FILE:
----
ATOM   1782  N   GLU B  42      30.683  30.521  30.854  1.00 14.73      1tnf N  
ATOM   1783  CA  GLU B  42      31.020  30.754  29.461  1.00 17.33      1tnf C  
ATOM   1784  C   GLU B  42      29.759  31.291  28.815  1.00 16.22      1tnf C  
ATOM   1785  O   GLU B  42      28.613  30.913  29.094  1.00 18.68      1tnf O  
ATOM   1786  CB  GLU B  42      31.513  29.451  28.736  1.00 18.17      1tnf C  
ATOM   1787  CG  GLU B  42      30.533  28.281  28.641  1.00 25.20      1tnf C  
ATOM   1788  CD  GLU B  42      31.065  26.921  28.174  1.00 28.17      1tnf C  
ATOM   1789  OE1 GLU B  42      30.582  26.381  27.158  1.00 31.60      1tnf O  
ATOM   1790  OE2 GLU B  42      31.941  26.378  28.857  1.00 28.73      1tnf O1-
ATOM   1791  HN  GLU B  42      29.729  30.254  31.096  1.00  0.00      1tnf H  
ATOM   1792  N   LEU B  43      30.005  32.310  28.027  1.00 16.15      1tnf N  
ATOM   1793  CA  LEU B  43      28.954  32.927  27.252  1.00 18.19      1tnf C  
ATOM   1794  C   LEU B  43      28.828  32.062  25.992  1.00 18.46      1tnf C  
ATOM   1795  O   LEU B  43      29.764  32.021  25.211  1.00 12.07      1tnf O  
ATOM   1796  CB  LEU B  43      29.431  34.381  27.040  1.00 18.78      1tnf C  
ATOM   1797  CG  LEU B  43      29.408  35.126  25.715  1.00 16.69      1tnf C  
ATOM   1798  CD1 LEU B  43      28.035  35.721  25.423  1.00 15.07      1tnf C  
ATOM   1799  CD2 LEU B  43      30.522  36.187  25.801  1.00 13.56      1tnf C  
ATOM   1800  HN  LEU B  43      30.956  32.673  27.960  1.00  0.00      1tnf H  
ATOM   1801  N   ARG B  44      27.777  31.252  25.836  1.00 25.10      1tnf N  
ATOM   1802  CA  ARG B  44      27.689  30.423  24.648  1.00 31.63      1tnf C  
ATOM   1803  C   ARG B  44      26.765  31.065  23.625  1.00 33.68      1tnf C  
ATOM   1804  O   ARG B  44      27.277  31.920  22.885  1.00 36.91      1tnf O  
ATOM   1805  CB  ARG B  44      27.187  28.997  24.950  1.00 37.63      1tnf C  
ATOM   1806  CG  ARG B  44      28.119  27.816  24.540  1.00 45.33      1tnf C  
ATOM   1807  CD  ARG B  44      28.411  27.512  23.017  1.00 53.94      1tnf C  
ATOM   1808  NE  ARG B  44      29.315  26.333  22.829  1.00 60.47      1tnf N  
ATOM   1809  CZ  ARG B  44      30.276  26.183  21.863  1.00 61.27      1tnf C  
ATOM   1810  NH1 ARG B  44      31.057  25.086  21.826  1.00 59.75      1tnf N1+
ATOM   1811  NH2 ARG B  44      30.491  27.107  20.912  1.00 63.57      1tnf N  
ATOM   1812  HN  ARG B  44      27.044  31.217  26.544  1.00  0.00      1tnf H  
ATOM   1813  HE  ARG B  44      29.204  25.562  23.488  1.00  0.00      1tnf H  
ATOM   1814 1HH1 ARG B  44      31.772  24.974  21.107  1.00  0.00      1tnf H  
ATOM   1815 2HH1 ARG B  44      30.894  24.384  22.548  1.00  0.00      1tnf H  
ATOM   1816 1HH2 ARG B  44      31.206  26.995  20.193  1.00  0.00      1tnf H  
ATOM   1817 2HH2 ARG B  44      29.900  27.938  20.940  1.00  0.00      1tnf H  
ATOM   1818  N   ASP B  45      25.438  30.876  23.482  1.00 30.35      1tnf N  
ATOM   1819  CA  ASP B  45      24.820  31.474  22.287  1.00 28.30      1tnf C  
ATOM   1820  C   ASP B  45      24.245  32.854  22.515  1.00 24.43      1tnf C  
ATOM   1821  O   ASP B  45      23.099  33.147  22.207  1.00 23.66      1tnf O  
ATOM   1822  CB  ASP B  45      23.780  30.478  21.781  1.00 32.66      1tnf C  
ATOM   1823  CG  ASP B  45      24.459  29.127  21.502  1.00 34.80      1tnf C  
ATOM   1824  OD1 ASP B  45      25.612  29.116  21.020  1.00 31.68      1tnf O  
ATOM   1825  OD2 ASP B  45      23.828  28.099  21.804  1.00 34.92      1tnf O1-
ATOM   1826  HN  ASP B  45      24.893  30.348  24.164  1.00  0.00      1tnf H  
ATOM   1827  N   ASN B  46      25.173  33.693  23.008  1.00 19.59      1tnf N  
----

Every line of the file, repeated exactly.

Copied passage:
ATOM   1782  N   GLU B  42      30.683  30.521  30.854  1.00 14.73      1tnf N  
ATOM   1783  CA  GLU B  42      31.020  30.754  29.461  1.00 17.33      1tnf C  
ATOM   1784  C   GLU B  42      29.759  31.291  28.815  1.00 16.22      1tnf C  
ATOM   1785  O   GLU B  42      28.613  30.913  29.094  1.00 18.68      1tnf O  
ATOM   1786  CB  GLU B  42      31.513  29.451  28.736  1.00 18.17      1tnf C  
ATOM   1787  CG  GLU B  42      30.533  28.281  28.641  1.00 25.20      1tnf C  
ATOM   1788  CD  GLU B  42      31.065  26.921  28.174  1.00 28.17      1tnf C  
ATOM   1789  OE1 GLU B  42      30.582  26.381  27.158  1.00 31.60      1tnf O  
ATOM   1790  OE2 GLU B  42      31.941  26.378  28.857  1.00 28.73      1tnf O1-
ATOM   1791  HN  GLU B  42      29.729  30.254  31.096  1.00  0.00      1tnf H  
ATOM   1792  N   LEU B  43      30.005  32.310  28.027  1.00 16.15      1tnf N  
ATOM   1793  CA  LEU B  43      28.954  32.927  27.252  1.00 18.19      1tnf C  
ATOM   1794  C   LEU B  43      28.828  32.062  25.992  1.00 18.46      1tnf C  
ATOM   1795  O   LEU B  43      29.764  32.021  25.211  1.00 12.07      1tnf O  
ATOM   1796  CB  LEU B  43      29.431  34.381  27.040  1.00 18.78      1tnf C  
ATOM   1797  CG  LEU B  43      29.408  35.126  25.715  1.00 16.69      1tnf C  
ATOM   1798  CD1 LEU B  43      28.035  35.721  25.423  1.00 15.07      1tnf C  
ATOM   1799  CD2 LEU B  43      30.522  36.187  25.801  1.00 13.56      1tnf C  
ATOM   1800  HN  LEU B  43      30.956  32.673  27.960  1.00  0.00      1tnf H  
ATOM   1801  N   ARG B  44      27.777  31.252  25.836  1.00 25.10      1tnf N  
ATOM   1802  CA  ARG B  44      27.689  30.423  24.648  1.00 31.63      1tnf C  
ATOM   1803  C   ARG B  44      26.765  31.065  23.625  1.00 33.68      1tnf C  
ATOM   1804  O   ARG B  44      27.277  31.920  22.885  1.00 36.91      1tnf O  
ATOM   1805  CB  ARG B  44      27.187  28.997  24.950  1.00 37.63      1tnf C  
ATOM   1806  CG  ARG B  44      28.119  27.816  24.540  1.00 45.33      1tnf C  
ATOM   1807  CD  ARG B  44      28.411  27.512  23.017  1.00 53.94      1tnf C  
ATOM   1808  NE  ARG B  44      29.315  26.333  22.829  1.00 60.47      1tnf N  
ATOM   1809  CZ  ARG B  44      30.276  26.183  21.863  1.00 61.27      1tnf C  
ATOM   1810  NH1 ARG B  44      31.057  25.086  21.826  1.00 59.75      1tnf N1+
ATOM   1811  NH2 ARG B  44      30.491  27.107  20.912  1.00 63.57      1tnf N  
ATOM   1812  HN  ARG B  44      27.044  31.217  26.544  1.00  0.00      1tnf H  
ATOM   1813  HE  ARG B  44      29.204  25.562  23.488  1.00  0.00      1tnf H  
ATOM   1814 1HH1 ARG B  44      31.772  24.974  21.107  1.00  0.00      1tnf H  
ATOM   1815 2HH1 ARG B  44      30.894  24.384  22.548  1.00  0.00      1tnf H  
ATOM   1816 1HH2 ARG B  44      31.206  26.995  20.193  1.00  0.00      1tnf H  
ATOM   1817 2HH2 ARG B  44      29.900  27.938  20.940  1.00  0.00      1tnf H  
ATOM   1818  N   ASP B  45      25.438  30.876  23.482  1.00 30.35      1tnf N  
ATOM   1819  CA  ASP B  45      24.820  31.474  22.287  1.00 28.30      1tnf C  
ATOM   1820  C   ASP B  45      24.245  32.854  22.515  1.00 24.43      1tnf C  
ATOM   1821  O   ASP B  45      23.099  33.147  22.207  1.00 23.66      1tnf O  
ATOM   1822  CB  ASP B  45      23.780  30.478  21.781  1.00 32.66      1tnf C  
ATOM   1823  CG  ASP B  45      24.459  29.127  21.502  1.00 34.80      1tnf C  
ATOM   1824  OD1 ASP B  45      25.612  29.116  21.020  1.00 31.68      1tnf O  
ATOM   1825  OD2 ASP B  45      23.828  28.099  21.804  1.00 34.92      1tnf O1-
ATOM   1826  HN  ASP B  45      24.893  30.348  24.164  1.00  0.00      1tnf H  
ATOM   1827  N   ASN B  46      25.173  33.693  23.008  1.00 19.59      1tnf N  